Burnel: Jet and Dave were sensible and quit after a day. Hugh and I didn’t. We headed into a surreal, dark, necromantic abyss.
Black: We were making an album called The Meninblack, which was based on this phenomenon back then known only to a small coterie of UFO obsessives – that people who saw UFOs were visited by strange people wearing black to shut them up. Anyway, as soon as we started making the album, studios blew up, tour buses broke down and gigs became riots. People working for us dropped dead. We were convinced something occult was going on.
Burnel: One night, I was so blissed out I thought it would be wonderful to die. I wrote a lovely suicide note, took loads of heroin and woke up three days later. The band hadn’t even noticed I hadn’t been in the studio.
Being Escorted Out of Sweden by Armed Police
Burnel: This happened twice. The first time, 200 members of this teddy boy gang who hated punk drove up in their big 1950s American cars, beat up our road crew and smashed our equipment. We were locked in our dressing room, but managed to escape by throwing a few Molotovs before the police arrived. The second time was your fault. You destroyed the hotel restaurant!
Black: That’s true. I kicked up a fracas because I couldn’t get served any food and the hotel threatened to call the police, who turned up with machine guns again to escort us on to the next plane. There’s been so many incidents in hotels. We once locked a hotelier in the broom cupboard, where he was found the following morning by the receptionist.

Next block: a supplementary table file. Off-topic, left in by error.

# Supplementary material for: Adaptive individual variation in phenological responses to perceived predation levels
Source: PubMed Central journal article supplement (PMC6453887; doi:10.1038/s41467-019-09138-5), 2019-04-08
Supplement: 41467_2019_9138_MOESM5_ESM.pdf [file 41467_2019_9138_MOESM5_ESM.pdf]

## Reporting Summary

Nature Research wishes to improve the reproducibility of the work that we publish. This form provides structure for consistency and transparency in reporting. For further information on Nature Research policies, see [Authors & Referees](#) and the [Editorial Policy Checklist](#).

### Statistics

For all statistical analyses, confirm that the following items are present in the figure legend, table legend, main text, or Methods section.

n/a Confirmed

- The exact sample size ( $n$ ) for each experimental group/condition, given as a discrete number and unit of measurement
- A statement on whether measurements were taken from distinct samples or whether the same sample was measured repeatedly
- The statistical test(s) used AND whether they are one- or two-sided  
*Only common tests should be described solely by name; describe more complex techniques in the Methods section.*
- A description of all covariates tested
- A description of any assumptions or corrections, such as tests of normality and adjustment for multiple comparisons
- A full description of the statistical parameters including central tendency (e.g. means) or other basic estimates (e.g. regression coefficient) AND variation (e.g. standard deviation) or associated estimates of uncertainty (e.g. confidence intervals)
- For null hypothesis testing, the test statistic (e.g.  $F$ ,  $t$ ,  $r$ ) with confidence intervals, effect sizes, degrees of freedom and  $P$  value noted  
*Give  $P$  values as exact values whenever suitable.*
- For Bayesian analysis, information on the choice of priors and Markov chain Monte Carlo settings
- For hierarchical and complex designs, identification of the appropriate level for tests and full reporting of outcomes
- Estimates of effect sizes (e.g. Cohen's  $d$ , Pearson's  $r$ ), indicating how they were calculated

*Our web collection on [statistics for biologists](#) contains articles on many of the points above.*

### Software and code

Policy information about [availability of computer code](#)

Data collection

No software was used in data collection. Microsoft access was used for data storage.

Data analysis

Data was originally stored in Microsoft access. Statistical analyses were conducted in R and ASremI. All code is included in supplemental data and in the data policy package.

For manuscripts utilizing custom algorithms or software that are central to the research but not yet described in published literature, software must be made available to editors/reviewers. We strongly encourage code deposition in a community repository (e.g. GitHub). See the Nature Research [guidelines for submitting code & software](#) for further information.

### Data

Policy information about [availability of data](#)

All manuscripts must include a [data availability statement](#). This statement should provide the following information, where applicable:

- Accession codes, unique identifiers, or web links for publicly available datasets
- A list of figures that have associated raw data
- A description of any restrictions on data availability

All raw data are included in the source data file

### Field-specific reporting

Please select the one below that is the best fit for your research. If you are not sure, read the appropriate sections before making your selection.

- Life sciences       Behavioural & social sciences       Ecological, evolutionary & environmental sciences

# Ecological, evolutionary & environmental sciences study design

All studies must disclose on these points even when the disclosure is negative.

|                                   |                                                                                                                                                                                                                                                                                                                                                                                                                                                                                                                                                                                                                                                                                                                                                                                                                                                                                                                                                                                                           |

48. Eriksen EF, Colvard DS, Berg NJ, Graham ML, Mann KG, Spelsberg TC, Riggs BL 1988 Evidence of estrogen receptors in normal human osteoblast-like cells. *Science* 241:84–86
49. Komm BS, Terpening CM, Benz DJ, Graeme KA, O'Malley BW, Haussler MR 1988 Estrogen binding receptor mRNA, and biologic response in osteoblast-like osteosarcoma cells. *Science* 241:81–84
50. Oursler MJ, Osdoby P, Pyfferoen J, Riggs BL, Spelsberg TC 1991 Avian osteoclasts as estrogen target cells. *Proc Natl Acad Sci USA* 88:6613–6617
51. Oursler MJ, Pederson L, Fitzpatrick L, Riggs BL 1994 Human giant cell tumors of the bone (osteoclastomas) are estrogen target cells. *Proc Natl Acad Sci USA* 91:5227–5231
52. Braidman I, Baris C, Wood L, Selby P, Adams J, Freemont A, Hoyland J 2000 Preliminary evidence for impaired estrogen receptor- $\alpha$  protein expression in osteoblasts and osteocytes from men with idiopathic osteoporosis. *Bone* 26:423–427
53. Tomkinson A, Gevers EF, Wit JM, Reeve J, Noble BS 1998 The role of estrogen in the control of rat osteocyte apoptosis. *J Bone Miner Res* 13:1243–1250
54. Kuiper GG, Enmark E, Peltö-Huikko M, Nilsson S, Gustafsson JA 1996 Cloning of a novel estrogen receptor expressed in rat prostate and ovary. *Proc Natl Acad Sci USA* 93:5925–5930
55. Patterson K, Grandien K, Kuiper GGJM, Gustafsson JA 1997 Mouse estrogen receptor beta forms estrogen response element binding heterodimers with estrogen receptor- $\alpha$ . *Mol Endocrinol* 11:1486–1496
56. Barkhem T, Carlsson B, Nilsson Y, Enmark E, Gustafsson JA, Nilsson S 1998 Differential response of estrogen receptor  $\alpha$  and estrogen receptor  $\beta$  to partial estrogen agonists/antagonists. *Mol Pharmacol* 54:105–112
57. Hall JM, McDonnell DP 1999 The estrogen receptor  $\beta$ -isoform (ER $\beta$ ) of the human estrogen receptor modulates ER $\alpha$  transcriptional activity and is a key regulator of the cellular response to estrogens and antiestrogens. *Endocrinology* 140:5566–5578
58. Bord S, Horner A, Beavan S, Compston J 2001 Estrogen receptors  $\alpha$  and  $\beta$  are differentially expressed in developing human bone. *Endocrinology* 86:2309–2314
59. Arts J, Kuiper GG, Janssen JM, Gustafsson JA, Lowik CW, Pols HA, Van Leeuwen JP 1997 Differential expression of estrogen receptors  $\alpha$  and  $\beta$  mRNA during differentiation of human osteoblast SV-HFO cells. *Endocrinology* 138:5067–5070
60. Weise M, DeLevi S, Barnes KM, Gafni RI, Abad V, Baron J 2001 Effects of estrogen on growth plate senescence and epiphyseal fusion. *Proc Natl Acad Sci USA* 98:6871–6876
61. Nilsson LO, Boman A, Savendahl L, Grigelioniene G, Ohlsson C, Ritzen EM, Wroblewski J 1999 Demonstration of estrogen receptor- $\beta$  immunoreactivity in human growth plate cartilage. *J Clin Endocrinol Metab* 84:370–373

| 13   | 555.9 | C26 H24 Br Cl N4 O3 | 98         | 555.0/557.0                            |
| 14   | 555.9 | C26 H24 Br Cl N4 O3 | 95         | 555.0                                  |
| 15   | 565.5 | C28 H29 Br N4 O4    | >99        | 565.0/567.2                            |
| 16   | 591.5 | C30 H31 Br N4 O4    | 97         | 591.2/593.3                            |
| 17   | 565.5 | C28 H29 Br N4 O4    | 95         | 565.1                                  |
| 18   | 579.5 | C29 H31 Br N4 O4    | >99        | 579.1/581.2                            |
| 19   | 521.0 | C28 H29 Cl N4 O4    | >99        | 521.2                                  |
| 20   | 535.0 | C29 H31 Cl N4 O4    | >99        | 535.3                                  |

Performing with Strippers in a Park
Burnel: The Battersea Park incident was completely misinterpreted. I was living with my girlfriend, Tracy, who shared her flat with a stripper called Linda. When we became the focus of attention, right-on shops such as Rough Trade banned our records, saying they were sexist and misogynist. So Linda said: “Look, I’ve got some friends who’d love to strip for you – to show we’re in control of our bodies.” So these girls stripped off on stage at Battersea during Nice’n’Sleazy and, of course, everyone thought we were being exploitative.
Being Jailed for “Inciting a Riot”
Burnel: We were booked to play Nice University but unknowingly walked into a war between the students and the authorities, who wouldn’t let us use any of the power points on campus. We ended up having to run elevated cables from generators outside the university, because the authorities wouldn’t let them touch the campus grounds. It was ludicrous. Every time we went on stage, the power failed. In the end, we gave up and told the crowd: “We’re really sorry. Just remember it’s not our fault.” All hell broke loose. A full-scale riot ended with us being put in prison, where I shared a cell with two murderers.
Black: We were facing 10 years. In the end, a large fine was split between us and the university, but we laughed all the way to the bank. Before that, we were unknown in France. From then on, we played to packed houses.
Burnel: You might well ask why we are still here. The latest tour is our biggest-selling ever. We’ve done all the wrong things – but they turned out to be right.
BBC Choice documentary presented by jazz singer and art critic, George Melly. Producer/Director: Angus McIntyrethe tells the unusual story of The Stranglers, charting the band’s rise to fame in the 1980s to present day:
No More Heroes
Walk On By